HPV vaccination and sexual health in France: Empowering girls to decide

HPV vaccination and sexual health in France: Empowering girls to decide
Hervé Lefevre, Stéphanie Samain, Nour Ibrahim, Christine Fourmaux, Anne Tonelli, Sébastien Rouget, Emmanuelle Mimoun, Renaud De Tournemireci, Marie Devernav, Marie Rose Morp, Jonathan Lachal
Vaccine, 22 March 2019; 37(13) pp 1792-1798
Objective
Vaccination coverage against HPV in France is among the lowest in the industrialized world, although the public authorities have recently become aware of this issue. Few studies have looked at teenaged girls’ representations of this vaccination, even though they are the most concerned by it. This qualitative study explored the experiences and representations of HPV vaccination by adolescent girls seeing doctors at least occasionally.
Study Design
We used a written essay question to explore this issue among 101 adolescent girls at six urban medical centers and a semi-structured interview to discuss it in further depth with five of them. The analysis was lexicometric (ALCESTE®) and phenomenological (Interpretative Phenomenological Analysis).
Results
These results are organized around four superordinate themes: the teenage girls’ factual knowledge about this vaccine, their motives for and obstacles to vaccination, their involvement in this decision, and finally the need for information about and solutions to this issue.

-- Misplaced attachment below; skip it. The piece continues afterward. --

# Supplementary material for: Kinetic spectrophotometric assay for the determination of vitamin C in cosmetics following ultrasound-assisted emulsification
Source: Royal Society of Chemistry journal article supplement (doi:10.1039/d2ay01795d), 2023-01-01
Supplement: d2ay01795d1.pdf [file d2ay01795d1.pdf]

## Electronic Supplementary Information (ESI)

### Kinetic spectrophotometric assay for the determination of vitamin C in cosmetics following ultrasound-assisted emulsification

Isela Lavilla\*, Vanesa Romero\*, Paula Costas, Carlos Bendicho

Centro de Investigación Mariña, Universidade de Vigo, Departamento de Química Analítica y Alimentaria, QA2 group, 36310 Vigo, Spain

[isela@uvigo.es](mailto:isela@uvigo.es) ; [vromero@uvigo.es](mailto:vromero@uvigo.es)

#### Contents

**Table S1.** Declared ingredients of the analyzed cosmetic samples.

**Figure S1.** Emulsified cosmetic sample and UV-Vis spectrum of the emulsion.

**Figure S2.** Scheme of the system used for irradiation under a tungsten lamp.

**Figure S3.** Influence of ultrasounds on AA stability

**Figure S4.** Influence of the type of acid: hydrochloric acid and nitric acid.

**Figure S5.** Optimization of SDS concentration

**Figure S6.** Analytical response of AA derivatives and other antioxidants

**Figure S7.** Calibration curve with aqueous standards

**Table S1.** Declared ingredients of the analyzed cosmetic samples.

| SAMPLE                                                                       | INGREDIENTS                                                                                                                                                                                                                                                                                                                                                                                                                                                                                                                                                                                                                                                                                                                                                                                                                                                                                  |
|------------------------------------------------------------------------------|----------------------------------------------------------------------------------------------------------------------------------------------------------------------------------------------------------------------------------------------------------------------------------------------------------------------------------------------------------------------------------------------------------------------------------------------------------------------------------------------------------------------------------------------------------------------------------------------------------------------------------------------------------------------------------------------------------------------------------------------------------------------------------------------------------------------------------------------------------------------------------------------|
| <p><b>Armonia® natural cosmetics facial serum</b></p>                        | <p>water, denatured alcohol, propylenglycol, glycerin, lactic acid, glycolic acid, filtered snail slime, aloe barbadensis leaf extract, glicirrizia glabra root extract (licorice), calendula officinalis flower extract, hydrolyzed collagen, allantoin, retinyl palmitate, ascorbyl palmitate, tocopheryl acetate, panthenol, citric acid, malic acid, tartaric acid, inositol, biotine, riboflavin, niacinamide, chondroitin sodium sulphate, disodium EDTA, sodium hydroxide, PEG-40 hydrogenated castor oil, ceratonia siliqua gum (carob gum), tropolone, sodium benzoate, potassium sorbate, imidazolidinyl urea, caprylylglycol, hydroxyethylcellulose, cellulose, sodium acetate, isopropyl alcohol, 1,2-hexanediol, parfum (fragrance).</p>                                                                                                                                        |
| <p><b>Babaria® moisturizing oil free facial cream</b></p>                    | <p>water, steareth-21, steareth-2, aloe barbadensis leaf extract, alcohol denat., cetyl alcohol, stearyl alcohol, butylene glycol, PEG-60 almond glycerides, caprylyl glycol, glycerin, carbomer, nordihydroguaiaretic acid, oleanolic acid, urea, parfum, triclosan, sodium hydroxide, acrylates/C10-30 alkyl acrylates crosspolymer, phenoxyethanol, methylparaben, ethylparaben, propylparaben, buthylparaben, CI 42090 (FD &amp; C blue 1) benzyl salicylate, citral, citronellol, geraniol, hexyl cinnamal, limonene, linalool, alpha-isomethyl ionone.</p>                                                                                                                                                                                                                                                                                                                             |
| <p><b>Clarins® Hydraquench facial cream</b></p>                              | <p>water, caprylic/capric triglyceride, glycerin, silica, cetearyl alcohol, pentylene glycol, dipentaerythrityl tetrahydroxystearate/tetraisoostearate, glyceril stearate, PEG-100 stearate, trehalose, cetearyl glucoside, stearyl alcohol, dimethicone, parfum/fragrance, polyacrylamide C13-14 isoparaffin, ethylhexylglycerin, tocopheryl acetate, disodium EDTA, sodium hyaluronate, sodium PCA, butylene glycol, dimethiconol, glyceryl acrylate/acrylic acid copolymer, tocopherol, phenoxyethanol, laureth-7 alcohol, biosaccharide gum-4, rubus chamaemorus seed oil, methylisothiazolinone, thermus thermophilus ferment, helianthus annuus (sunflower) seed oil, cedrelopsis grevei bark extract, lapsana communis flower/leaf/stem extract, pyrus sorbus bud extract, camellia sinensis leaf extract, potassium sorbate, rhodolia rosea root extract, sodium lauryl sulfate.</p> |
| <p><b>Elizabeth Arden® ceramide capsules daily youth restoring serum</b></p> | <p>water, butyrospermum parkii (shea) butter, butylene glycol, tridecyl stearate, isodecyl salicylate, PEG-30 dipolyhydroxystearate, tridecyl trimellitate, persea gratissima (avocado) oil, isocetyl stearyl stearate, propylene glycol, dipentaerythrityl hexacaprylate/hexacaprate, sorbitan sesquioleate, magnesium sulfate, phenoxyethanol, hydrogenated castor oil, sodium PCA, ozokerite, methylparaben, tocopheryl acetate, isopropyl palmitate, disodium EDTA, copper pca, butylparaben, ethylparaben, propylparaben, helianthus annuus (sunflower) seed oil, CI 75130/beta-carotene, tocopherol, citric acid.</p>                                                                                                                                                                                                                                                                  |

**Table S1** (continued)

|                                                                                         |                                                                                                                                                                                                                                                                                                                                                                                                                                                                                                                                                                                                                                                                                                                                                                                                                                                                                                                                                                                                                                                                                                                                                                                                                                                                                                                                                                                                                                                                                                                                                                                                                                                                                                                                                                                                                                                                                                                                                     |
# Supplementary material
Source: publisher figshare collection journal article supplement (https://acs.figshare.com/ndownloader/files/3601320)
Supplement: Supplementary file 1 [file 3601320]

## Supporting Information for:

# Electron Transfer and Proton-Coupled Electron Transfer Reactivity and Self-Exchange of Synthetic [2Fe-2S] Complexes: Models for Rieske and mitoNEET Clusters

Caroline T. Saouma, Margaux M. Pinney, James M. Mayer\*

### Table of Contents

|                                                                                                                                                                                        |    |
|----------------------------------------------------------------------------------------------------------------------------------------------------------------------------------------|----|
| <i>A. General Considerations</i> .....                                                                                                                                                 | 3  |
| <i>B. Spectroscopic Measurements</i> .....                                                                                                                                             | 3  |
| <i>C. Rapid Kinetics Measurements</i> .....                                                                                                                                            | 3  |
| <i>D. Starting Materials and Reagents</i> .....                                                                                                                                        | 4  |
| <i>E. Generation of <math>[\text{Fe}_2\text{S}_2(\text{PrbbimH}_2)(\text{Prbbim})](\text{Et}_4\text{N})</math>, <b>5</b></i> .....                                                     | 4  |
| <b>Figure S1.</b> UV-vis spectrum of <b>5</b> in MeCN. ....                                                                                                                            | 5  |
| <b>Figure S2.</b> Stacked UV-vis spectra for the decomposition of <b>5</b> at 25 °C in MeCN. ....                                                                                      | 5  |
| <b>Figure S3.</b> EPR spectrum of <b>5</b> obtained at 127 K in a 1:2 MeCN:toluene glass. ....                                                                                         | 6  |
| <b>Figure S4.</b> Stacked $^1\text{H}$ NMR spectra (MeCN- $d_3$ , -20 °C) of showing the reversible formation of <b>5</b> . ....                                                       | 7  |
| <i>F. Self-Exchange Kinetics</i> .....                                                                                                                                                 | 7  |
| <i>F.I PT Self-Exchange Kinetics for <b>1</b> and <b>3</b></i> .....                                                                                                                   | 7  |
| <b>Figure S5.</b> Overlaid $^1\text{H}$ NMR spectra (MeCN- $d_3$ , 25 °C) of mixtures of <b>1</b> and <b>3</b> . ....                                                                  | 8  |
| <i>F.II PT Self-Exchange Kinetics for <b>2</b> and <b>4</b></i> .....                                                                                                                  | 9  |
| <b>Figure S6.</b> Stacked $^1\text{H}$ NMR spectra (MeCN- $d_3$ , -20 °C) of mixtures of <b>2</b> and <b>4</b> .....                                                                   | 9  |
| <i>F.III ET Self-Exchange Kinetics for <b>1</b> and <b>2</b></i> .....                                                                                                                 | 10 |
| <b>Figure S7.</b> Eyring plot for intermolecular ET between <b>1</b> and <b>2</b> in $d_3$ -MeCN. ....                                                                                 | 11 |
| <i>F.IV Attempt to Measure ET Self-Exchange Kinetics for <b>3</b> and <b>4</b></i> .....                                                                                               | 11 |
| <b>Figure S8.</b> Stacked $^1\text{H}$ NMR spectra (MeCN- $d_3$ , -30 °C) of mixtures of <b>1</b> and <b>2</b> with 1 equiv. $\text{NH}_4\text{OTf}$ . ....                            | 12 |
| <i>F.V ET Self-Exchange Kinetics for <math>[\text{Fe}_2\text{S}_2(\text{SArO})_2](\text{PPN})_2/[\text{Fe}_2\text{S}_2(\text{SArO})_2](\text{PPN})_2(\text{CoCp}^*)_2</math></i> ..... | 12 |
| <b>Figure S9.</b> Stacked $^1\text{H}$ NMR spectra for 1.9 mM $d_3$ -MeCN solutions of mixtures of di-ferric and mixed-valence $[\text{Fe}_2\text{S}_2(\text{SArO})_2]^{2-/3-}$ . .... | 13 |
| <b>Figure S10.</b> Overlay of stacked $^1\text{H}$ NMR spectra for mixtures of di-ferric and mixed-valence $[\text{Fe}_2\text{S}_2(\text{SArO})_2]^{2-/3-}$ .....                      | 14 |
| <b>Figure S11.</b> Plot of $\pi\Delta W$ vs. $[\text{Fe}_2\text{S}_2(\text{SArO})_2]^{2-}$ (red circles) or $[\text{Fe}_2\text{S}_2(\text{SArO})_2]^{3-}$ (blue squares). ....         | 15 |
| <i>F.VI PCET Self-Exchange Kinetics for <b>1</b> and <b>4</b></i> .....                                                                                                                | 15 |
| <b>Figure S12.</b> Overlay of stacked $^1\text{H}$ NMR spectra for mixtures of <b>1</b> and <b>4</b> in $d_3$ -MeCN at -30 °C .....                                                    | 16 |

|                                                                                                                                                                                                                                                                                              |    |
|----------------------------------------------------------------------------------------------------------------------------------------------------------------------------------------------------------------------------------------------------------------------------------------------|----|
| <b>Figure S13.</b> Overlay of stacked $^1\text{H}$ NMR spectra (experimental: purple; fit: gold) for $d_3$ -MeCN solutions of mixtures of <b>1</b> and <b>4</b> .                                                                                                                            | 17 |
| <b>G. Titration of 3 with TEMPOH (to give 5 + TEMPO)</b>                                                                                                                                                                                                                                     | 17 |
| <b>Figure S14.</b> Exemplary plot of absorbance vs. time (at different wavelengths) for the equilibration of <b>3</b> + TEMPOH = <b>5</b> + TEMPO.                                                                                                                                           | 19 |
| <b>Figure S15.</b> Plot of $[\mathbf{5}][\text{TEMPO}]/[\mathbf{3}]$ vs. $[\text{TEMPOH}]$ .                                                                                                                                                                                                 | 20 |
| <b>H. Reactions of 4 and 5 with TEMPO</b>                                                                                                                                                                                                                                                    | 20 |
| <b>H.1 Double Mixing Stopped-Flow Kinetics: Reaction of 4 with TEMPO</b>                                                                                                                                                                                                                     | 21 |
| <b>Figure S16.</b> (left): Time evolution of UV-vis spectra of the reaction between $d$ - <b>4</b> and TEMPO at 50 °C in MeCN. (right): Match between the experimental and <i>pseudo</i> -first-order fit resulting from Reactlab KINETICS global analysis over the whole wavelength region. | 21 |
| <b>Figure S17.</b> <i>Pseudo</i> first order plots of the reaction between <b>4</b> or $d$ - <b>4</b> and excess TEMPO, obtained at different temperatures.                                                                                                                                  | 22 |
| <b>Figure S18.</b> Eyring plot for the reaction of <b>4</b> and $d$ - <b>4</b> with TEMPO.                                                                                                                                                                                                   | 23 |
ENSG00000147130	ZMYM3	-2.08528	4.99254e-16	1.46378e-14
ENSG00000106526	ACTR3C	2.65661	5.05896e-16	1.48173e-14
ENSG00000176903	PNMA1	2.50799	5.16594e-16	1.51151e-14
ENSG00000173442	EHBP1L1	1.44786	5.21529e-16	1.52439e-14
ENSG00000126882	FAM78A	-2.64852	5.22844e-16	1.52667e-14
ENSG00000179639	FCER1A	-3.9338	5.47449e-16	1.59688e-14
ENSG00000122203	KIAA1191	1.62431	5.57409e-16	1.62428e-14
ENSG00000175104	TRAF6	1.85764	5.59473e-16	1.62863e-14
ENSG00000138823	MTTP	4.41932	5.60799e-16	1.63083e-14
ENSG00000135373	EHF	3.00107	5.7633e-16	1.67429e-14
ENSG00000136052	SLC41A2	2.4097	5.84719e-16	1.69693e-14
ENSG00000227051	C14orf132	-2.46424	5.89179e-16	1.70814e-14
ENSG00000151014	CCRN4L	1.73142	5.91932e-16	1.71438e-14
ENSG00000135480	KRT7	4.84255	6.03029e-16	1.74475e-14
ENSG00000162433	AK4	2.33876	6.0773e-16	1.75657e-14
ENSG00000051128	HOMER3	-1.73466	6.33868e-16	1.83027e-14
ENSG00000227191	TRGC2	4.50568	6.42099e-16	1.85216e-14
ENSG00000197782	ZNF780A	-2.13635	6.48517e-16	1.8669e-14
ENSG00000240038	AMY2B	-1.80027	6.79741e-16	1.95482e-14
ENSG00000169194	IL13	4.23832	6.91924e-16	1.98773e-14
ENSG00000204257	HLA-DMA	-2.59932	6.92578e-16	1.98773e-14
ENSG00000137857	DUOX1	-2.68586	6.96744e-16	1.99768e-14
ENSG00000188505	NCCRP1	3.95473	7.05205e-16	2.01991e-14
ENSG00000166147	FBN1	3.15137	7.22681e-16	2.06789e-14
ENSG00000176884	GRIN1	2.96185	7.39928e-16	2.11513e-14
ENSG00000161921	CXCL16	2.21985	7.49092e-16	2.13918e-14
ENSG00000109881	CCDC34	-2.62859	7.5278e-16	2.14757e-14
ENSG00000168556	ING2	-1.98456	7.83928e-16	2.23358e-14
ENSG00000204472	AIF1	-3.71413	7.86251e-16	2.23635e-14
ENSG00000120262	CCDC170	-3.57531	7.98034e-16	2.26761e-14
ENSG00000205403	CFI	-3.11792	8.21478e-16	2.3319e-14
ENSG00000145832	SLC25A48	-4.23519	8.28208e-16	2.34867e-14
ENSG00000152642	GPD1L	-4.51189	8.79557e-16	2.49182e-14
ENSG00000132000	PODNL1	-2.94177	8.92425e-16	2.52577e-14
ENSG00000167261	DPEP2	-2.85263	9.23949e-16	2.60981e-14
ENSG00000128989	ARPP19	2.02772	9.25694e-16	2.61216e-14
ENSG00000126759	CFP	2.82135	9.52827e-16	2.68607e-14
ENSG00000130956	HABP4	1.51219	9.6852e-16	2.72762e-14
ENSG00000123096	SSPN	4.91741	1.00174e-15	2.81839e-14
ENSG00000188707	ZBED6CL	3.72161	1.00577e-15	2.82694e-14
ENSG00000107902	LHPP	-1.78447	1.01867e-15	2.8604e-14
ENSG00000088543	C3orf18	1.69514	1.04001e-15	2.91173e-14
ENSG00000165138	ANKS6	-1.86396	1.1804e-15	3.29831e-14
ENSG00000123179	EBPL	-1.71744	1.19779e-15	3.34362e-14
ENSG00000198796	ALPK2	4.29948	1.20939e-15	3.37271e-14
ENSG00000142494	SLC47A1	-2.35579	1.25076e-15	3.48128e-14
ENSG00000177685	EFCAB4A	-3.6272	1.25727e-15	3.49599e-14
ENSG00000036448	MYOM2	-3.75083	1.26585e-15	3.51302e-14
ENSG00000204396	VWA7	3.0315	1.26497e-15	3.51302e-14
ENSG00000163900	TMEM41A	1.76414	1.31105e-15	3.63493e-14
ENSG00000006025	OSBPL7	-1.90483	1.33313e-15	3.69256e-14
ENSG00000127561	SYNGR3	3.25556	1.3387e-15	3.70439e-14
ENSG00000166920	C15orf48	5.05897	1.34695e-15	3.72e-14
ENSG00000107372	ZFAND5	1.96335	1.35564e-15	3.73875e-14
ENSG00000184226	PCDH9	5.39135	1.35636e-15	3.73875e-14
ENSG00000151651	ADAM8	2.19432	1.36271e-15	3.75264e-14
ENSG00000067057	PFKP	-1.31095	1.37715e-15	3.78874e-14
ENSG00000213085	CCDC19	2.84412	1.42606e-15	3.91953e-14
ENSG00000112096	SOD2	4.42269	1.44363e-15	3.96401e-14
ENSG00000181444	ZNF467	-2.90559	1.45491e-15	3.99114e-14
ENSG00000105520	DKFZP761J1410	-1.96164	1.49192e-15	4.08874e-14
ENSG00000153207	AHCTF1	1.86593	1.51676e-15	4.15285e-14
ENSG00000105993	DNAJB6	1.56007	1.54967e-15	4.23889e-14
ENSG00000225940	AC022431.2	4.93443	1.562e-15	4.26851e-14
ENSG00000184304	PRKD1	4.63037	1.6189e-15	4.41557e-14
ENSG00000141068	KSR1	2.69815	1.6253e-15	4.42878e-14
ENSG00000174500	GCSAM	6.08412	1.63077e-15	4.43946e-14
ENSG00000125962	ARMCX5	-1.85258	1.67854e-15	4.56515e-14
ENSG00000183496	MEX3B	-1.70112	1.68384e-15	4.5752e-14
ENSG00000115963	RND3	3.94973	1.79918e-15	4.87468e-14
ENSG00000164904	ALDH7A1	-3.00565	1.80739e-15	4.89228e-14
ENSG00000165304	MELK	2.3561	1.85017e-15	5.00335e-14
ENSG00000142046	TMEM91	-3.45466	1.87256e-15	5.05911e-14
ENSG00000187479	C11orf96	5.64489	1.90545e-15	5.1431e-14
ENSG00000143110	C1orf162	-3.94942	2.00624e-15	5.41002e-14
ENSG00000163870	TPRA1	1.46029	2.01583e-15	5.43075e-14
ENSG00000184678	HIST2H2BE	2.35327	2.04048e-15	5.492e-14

Conclusions
Teenage girls know little about this vaccine and are more sensitive to the emotional discourse that surrounds it than to rational knowledge about it. The requirement for parental authorization for this vaccine reinforces the girls’ lack of investment. Vaccination programs should integrate the HPV vaccine more thoroughly into general prevention concerning sexual health and should send a strong signal by offering minors anonymous vaccination free of charge, as is already the case in France for requests for contraception, the morning-after pill, elective abortion, and screening and treatment of sexually transmitted infections.

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